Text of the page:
For the purposes of understanding our versioning and API compatibility commitments we need to define what are considered parts of the Apache NiFi API. This following items are considered part of the NiFi API:
Anything not listed above is not considered part of the API and is subject to change in a manner that may differ from the guidance below. There are substantial portions of the codebase which are intentionally considered private from an API point of view. If there are specific items not listed here which should be considered part of the API please raise a discussion about it on firstname.lastname@example.org so it can be considered for inclusion. We want to keep the public surface of the Apache NiFi API well defined and well scoped so that those consuming the application either as a developer or user know what is considered safe and not safe to do but also so that our community can continue to rapidly evolve the codebase.
For the public API the Apache NiFi project aims to follow versioning principles as described at Semantic Versioning 2.0.0
Consider the following scenarios in the context of the most recent 'example' release being 0.0.1 and with the understanding that these are about the public API as defined above.
After a release occurs the 'patch' version will be automatically adjusted by maven without the release manager doing anything special. So rarely will this value need to be manually set. In the event of a 'major' or 'minor' bump though the entire relevant source tree will need to be adjusted. That can be accomplished by using the following commands:
mvn versions:set "0.1.0-SNAPSHOT"
Furthermore, we have defined the API above. But we must also be mindful of the effort required on users to move from major version to major version. We need to provide, to the extent possible, tooling to automatically migrate or uptake old configuration approaches. We need to ensure old protocols and new protocols can work together. We need to ensure that upgrades are as smooth and automatic as possible such that older versions configurations and data storage structures and formats are honored or have a clear conversion path.
Special consideration: You must also consider 'compatibility' of processors and extensions specifically. For example, if a processor has two relationships and you add a third one or remove one you must be sure to take extra care to document this sort of thing for the release that it goes into. We should always provide a notice to folks upgrading from version to version so they know what to look out for. Those cases are usually easily resolved by simply knowing that after upgrading they need to specify a relationship and start that processor or that they need to remove a no longer relevant relationship. But the key is to ensure we follow through with effective notices for users so they understand what is happening and don't simply perceive a bug or issues introduced by upgrading.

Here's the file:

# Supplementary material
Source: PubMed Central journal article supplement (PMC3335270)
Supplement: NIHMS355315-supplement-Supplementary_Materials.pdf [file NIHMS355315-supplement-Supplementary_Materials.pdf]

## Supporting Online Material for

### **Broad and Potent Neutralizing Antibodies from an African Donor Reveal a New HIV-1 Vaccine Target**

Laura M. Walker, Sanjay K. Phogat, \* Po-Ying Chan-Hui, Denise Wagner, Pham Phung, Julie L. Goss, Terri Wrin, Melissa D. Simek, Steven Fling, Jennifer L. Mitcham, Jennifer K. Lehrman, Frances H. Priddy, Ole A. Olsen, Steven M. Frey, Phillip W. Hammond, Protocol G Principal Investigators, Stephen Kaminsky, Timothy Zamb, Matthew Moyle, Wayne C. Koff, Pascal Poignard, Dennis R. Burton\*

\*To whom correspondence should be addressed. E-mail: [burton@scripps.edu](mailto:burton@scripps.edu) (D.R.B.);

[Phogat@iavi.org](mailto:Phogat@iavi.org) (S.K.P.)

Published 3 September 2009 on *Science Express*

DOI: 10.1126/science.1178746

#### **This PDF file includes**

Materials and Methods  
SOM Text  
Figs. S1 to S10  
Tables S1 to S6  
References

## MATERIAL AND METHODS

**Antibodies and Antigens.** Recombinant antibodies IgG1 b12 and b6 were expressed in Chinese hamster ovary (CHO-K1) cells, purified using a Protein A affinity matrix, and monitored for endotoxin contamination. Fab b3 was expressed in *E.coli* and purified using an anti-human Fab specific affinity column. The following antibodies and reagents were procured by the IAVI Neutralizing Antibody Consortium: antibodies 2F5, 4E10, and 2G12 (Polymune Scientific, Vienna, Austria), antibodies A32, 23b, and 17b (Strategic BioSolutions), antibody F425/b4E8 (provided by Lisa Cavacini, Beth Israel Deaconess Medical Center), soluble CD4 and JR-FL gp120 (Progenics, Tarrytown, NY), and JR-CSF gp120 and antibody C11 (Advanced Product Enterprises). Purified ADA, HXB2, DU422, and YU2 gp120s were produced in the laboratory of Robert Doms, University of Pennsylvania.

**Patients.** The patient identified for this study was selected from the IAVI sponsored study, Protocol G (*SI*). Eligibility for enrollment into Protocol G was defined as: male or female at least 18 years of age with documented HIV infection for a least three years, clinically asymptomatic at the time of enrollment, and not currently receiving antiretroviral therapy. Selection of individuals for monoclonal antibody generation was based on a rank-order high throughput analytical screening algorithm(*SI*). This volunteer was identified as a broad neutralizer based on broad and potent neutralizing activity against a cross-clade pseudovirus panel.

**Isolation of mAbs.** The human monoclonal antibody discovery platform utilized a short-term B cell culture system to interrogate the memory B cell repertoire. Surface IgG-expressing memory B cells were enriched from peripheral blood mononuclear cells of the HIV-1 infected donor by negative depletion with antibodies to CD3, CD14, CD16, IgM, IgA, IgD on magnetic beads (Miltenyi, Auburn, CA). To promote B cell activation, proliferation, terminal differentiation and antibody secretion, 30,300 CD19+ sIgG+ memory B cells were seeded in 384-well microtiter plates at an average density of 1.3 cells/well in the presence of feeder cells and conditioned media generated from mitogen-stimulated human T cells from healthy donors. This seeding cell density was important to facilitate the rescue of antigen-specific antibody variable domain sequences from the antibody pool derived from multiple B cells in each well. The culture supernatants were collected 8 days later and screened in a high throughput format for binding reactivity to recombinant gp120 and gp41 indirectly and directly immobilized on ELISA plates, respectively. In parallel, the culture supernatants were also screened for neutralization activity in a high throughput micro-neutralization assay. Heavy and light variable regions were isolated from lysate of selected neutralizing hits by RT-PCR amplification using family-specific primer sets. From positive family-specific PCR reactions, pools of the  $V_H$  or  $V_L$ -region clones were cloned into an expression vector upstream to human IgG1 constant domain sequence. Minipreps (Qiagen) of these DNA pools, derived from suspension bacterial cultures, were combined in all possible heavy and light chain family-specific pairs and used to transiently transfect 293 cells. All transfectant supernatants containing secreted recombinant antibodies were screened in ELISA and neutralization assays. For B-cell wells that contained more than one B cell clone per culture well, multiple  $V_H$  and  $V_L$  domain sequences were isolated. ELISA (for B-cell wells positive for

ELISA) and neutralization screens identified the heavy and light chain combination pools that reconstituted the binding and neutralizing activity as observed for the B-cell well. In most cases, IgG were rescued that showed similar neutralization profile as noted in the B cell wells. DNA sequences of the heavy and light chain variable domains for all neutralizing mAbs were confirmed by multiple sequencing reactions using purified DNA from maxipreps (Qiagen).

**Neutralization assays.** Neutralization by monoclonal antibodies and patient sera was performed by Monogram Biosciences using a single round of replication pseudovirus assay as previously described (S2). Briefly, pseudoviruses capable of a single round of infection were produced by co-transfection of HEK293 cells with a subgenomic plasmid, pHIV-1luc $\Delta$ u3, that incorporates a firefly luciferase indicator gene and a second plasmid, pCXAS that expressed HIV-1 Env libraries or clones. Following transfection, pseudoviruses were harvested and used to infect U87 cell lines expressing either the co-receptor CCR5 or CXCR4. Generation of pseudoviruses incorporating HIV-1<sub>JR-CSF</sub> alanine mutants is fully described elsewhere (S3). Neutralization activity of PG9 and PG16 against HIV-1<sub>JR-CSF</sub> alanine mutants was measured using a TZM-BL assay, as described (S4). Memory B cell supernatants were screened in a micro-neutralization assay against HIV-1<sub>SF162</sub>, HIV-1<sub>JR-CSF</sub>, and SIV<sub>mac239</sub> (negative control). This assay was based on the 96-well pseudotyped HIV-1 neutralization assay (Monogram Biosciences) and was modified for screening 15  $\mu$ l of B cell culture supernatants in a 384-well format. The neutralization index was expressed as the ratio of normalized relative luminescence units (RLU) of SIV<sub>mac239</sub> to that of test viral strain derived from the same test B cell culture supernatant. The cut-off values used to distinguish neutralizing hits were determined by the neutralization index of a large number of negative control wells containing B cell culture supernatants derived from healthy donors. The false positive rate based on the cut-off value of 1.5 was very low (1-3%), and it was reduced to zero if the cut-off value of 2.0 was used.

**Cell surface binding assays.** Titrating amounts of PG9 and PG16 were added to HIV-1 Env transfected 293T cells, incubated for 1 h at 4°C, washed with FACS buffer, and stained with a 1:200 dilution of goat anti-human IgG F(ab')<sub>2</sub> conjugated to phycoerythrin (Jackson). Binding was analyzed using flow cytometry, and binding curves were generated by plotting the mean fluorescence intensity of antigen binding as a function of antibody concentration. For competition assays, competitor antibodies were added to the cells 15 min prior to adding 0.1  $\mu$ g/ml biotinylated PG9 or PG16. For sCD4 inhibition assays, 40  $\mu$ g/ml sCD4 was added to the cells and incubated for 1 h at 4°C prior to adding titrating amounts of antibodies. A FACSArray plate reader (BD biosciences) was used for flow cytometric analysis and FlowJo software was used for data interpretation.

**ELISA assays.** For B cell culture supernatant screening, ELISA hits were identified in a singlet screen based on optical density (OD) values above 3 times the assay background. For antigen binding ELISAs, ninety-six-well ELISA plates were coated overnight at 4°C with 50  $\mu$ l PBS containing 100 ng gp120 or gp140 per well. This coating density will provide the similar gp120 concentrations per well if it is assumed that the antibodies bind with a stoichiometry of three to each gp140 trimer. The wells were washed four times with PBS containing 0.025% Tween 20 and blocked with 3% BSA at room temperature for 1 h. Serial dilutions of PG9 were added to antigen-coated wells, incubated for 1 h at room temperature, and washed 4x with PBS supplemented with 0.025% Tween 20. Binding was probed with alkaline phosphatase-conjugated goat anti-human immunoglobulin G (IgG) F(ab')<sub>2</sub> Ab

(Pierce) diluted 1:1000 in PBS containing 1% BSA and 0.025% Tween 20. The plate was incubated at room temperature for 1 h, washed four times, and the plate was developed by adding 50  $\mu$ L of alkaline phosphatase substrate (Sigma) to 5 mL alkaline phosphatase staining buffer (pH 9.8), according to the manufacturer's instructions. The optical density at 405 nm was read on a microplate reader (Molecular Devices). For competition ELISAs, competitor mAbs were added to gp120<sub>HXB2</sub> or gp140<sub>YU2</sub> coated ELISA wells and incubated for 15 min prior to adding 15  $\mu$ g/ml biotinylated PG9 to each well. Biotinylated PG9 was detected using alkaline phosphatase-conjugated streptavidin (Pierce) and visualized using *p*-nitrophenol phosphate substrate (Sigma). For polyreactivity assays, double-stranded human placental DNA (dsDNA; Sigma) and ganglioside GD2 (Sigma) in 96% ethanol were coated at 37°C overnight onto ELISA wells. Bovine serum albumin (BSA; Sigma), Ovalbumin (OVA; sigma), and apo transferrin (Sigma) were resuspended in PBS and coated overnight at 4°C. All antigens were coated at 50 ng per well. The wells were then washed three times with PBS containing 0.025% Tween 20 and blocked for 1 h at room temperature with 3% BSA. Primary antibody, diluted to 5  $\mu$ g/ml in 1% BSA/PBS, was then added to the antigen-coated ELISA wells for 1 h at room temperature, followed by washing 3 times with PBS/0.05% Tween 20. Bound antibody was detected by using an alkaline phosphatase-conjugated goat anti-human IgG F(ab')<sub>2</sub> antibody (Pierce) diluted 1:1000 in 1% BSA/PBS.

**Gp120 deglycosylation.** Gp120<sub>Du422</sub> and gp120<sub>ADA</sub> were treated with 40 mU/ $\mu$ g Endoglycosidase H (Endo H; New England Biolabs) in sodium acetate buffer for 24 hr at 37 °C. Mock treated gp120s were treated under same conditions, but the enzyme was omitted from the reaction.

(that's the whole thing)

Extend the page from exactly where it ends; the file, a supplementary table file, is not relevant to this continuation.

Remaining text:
Even within the concept of code compatibility, though, there can be some ambiguity. We should consider code to be 'backward compatible' (and therefore allowed in a 'minor' version change) if the change in X.Y.0 allows all extensions (Processors, Reporting Tasks, Controller Services, and Authority Providers) that are developed against the X.(Y-1).* API to still perform their tasks the same way. For example, it is not backward compatible to remove or change the signature of a method in the 'FlowFile' interface because Processors may no longer function properly. It is, however, acceptable to add a new method to this interface because it is expected that only the Framework will be implementing this interface. Therefore, all extensions will still function properly.
The community is also evaluating the use of more formalized mechanisms of communicating these concepts using approaches such as Apache Yetus Audience Annotations or built-in software development lifecycle models. If adopted this could allow us to do things like warn users and developers of components which they should not be extending from or which are unstable.
Given that NiFi itself is designed for extension and the growing community is providing frequent contributions in the form of feature enhancements and new features the most likely scenario in a given release is that it will be a 'minor' version bump.
It is not always clear what the right answer is for whether something is a 'patch' or 'minor' bump whereas 'major' should be pretty obvious. Changes to major should signal a potentially high risk but high reward scenario for would-be users. Changes to 'minor' and 'patch' though they should feel a relatively high degree of confidence in downloading and upgrading their system. That is something we'll have to earn as a community and it starts by following the guidance closely and adjusting it as we learn more. If unsure please initiate a dialog on the dev mailing list. This is really important information for those with commit privileges or who are reviewing contributions. Has the contributor properly accounted for the version change implications? If someone is providing a new feature or enhancement when merging that change you may need to adjust the version of the develop branch and the contribution to accommodate it.